Expanding Our Housing Options
540 Franklyn Street showcasing tall townhomes in the downtown core. (460 Realty Inc.)

Last year we covered the City’s plans to increase housing options throughout the city. (You can read about that here). While not as ambitious as we would have hoped, considering Nanaimo is in a full-blown housing crisis, we were happy to see the city moving in the right direction. At the time, Nanaimo was planning on allowing triplex and fourplex housing in some parts of Nanaimo. This was a step in the right direction. More homes are better, after all. Multi-unit housing like townhouses and plexes create more homes on the same size of land used by a single home, the cost is shared by more households which can lower the price of each home overall. But Nanaimo’s need for homes continues as can be seen in the City’s Housing Needs Report.

Progress Has Been Made Provincially

Since last year, however, the province has gone all-in on tackling the issues of housing affordability across the province. In November, the province passed Bill 44 which, among other requirements, set standards for BC cities to remove their restrictive zones. These “restrictive zones’’ are areas in our cities which prohibit anything other than a single-family home and sometimes a duplex from being built. Big surprise: virtually every municipality in BC is primarily zoned for these types of uses, nothing else. There’s nothing inherently wrong with building and living in a single-family home. The issue arises when you legislate all other housing options away from existence making these places “restrictive” and exclusive to many people. Some good examples of these “restricted zones” today might be Departure Bay, Hammond Bay, or Harewood where the vast majority of these areas permit only one home to be built. If you wanted to build a meagre three-unit townhouse in most BC municipalities today, you would have to jump through countless hoops just to reach the starting line. Bill 44 aimed to change that.

Bill 44: Small Scale Multi-Unit Housing

So, what does Bill 44 do? In short, cities must remove their “restrictive zones’’ to allow 3-4 housing units on lots greater than 280m2 and three units on lots under 280m2. For lots greater than 280m2. and near transit with a frequency of 15 min or less, 6 units must be allowed. Currently, there is no frequent transit by this standard in Nanaimo. These standards intend to expand the types of housing options in our neighbourhoods to allow for more affordable types of housing to be built. In places like Vancouver, these homes will still likely be quite expensive often due to land prices. Thankfully, in Nanaimo, this change could hopefully have a more short-term stabilizing effect on our housing market as has been seen in other cities such as Auckland, which was used as a model for the Provincial policy.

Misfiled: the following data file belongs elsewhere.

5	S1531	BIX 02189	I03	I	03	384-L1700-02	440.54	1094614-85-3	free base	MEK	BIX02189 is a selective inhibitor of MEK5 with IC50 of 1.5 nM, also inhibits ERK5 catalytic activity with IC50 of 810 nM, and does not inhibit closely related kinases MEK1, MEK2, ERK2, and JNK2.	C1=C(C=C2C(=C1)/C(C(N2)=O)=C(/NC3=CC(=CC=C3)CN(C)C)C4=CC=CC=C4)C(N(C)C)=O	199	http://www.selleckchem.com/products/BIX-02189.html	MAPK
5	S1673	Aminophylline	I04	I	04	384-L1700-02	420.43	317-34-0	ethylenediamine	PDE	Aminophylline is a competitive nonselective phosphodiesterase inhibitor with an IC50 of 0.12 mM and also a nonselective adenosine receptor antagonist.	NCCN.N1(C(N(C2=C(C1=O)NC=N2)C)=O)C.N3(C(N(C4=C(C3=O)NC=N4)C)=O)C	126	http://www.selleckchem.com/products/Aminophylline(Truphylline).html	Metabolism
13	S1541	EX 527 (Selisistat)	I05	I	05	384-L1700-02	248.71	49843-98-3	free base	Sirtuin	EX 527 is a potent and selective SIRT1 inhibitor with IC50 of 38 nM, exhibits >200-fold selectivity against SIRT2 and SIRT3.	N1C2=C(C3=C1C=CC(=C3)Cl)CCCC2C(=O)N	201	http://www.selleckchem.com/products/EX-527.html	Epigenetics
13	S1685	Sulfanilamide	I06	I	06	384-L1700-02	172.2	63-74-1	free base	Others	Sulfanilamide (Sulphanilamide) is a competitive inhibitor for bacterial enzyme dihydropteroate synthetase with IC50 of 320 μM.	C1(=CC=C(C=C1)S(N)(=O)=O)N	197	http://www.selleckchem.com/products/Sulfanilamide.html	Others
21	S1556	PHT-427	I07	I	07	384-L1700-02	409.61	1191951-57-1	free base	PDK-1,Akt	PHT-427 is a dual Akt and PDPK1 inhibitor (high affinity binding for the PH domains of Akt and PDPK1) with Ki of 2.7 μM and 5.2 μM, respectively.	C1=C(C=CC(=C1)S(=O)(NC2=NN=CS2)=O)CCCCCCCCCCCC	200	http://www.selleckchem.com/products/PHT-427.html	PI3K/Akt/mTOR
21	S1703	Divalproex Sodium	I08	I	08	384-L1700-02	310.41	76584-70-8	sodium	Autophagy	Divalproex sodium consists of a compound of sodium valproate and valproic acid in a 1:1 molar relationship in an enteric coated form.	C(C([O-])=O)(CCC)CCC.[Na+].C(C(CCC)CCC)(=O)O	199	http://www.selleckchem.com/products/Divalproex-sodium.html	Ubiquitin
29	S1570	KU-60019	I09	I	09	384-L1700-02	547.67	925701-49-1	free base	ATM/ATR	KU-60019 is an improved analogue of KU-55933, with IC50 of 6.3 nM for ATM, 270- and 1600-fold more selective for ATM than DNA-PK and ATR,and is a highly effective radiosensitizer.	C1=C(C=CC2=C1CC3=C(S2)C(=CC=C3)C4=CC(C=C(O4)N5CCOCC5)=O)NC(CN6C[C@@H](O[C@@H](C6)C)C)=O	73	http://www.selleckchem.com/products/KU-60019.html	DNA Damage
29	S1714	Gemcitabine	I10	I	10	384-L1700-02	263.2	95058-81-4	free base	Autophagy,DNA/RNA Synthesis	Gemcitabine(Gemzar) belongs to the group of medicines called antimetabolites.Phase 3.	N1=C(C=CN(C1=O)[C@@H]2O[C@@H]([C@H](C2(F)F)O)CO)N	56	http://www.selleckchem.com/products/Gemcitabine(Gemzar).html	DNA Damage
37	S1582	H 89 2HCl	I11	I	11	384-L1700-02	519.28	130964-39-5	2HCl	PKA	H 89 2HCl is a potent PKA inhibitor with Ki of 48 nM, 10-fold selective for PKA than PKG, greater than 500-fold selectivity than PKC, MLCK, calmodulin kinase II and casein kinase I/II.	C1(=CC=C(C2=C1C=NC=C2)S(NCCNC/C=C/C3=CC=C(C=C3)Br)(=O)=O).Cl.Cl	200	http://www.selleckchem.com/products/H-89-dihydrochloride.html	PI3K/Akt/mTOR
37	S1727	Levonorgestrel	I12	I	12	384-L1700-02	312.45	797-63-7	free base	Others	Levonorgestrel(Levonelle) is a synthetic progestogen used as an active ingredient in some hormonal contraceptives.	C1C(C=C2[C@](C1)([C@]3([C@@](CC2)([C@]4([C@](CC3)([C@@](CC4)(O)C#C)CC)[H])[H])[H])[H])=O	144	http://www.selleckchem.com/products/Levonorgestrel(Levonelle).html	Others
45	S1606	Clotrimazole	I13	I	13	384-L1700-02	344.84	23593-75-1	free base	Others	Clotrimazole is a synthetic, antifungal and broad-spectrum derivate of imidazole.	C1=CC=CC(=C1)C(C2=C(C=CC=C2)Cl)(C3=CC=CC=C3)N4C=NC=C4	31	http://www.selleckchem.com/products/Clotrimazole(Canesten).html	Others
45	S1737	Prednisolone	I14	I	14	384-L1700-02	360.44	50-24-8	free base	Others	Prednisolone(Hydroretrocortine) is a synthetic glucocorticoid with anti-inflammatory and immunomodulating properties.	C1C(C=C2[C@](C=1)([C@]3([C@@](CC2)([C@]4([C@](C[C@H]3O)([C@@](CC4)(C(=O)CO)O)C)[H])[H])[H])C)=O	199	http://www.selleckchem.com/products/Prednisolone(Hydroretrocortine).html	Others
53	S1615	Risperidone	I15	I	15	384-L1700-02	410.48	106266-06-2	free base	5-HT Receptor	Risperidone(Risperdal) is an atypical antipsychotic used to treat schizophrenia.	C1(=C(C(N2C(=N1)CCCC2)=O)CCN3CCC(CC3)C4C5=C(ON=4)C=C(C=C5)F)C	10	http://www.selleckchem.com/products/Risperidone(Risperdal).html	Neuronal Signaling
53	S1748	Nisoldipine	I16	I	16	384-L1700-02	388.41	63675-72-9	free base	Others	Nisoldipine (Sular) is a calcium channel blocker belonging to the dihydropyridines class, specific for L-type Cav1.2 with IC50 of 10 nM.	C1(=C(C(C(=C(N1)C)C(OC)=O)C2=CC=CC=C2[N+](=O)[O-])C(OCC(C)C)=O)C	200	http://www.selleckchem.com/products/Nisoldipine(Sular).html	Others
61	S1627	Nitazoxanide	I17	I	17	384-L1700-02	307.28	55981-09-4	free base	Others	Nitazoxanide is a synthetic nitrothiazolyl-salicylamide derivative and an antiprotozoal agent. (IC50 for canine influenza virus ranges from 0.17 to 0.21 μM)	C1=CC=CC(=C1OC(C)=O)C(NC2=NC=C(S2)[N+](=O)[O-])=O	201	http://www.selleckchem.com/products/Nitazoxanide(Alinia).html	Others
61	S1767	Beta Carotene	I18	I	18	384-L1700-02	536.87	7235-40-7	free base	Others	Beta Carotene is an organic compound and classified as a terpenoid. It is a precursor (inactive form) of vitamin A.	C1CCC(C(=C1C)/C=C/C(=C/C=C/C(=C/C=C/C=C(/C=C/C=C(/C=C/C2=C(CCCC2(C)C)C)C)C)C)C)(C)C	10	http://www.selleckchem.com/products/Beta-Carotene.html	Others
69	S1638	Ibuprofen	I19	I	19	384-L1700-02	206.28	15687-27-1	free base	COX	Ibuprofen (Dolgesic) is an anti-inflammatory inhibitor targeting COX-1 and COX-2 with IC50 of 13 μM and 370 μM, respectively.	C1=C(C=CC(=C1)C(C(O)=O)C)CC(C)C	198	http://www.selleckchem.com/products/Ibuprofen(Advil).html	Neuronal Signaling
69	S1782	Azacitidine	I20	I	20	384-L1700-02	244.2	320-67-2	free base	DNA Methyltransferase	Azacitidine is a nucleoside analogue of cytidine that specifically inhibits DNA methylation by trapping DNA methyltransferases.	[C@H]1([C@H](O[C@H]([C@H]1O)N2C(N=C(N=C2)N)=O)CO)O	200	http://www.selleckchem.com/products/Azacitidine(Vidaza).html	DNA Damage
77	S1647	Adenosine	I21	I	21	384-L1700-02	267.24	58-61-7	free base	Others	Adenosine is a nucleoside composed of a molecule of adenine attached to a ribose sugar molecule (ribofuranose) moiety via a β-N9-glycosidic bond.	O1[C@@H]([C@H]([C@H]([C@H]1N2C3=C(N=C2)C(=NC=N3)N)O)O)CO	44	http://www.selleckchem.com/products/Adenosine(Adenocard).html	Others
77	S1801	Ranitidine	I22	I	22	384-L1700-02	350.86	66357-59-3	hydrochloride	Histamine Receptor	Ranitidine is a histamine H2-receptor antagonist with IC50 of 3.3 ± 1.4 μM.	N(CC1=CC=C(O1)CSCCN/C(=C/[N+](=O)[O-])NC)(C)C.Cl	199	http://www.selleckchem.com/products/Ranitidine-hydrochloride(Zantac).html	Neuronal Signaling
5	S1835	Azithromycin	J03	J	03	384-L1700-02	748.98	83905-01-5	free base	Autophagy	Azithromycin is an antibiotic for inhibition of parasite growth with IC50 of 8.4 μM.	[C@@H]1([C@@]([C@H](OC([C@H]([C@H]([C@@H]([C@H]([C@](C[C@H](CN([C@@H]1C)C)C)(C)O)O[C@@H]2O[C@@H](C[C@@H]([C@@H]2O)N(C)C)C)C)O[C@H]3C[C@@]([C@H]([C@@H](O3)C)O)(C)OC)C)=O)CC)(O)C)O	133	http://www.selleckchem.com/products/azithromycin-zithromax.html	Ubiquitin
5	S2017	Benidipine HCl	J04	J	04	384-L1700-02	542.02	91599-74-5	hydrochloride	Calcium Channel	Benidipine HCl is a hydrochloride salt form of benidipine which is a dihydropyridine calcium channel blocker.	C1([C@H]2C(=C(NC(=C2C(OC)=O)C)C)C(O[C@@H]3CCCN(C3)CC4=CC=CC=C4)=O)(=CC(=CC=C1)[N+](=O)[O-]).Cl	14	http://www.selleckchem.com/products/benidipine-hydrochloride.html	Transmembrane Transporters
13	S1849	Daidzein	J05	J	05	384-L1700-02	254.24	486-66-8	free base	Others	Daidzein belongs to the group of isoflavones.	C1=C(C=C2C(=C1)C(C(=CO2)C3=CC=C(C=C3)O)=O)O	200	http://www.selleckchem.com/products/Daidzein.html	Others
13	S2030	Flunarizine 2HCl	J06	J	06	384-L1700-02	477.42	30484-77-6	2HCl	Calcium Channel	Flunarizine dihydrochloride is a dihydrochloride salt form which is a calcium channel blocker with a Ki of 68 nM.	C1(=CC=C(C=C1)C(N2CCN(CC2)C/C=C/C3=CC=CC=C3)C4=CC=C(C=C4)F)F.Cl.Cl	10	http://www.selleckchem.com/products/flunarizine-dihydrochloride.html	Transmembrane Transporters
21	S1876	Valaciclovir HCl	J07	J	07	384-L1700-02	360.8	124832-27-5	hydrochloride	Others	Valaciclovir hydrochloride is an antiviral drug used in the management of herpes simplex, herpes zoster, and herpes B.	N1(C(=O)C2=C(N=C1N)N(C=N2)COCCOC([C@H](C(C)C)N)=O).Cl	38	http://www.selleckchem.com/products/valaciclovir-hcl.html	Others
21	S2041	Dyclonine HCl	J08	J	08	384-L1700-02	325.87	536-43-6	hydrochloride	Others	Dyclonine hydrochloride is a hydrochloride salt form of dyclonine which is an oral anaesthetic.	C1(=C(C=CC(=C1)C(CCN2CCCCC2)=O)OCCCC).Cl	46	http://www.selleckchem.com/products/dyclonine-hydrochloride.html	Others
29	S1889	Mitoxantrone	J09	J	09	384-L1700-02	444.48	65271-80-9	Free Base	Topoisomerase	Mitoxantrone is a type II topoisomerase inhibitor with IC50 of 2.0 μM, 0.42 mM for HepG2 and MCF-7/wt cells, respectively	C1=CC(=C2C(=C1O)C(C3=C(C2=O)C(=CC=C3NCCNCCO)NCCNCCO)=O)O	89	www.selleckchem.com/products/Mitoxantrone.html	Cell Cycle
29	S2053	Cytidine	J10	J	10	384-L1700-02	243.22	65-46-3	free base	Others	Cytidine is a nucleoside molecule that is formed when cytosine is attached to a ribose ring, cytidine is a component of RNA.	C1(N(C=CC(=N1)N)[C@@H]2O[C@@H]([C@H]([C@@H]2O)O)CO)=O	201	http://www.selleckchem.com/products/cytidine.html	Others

Flow chart showing the implementation plan for the provincial SSMUH legislation. (Province of British Columbia)Flow chart showing the implementation plan for the provincial SSMUH legislation. (Province of British Columbia)

So, how could allowing more units on a single lot help with affordability? While housing unaffordability is a complex issue, the evidence suggests that cities with constrained housing markets see housing prices escalate at a faster pace than places that can keep up with the pace of population growth. This is often referred to as “market elasticity.” This means that when a surge in demand for living in a place grows, the rules, systems, and industries in a city can readily respond to changes in demand. At the moment, demand is huge in Nanaimo. For rentals in 2023, Nanaimo reported a rental vacancy rate of 2.7%, an increase from 2.2% the previous year (note that a healthy vacancy rate is often over 4% or 5%). For Canada, the data is even more grim with the CMHC reporting a vacancy rate of 1.5% for the whole country. The unaffordability of starter homes often exasperates rental vacancies as first-time homeowners opt to remain in the rental market.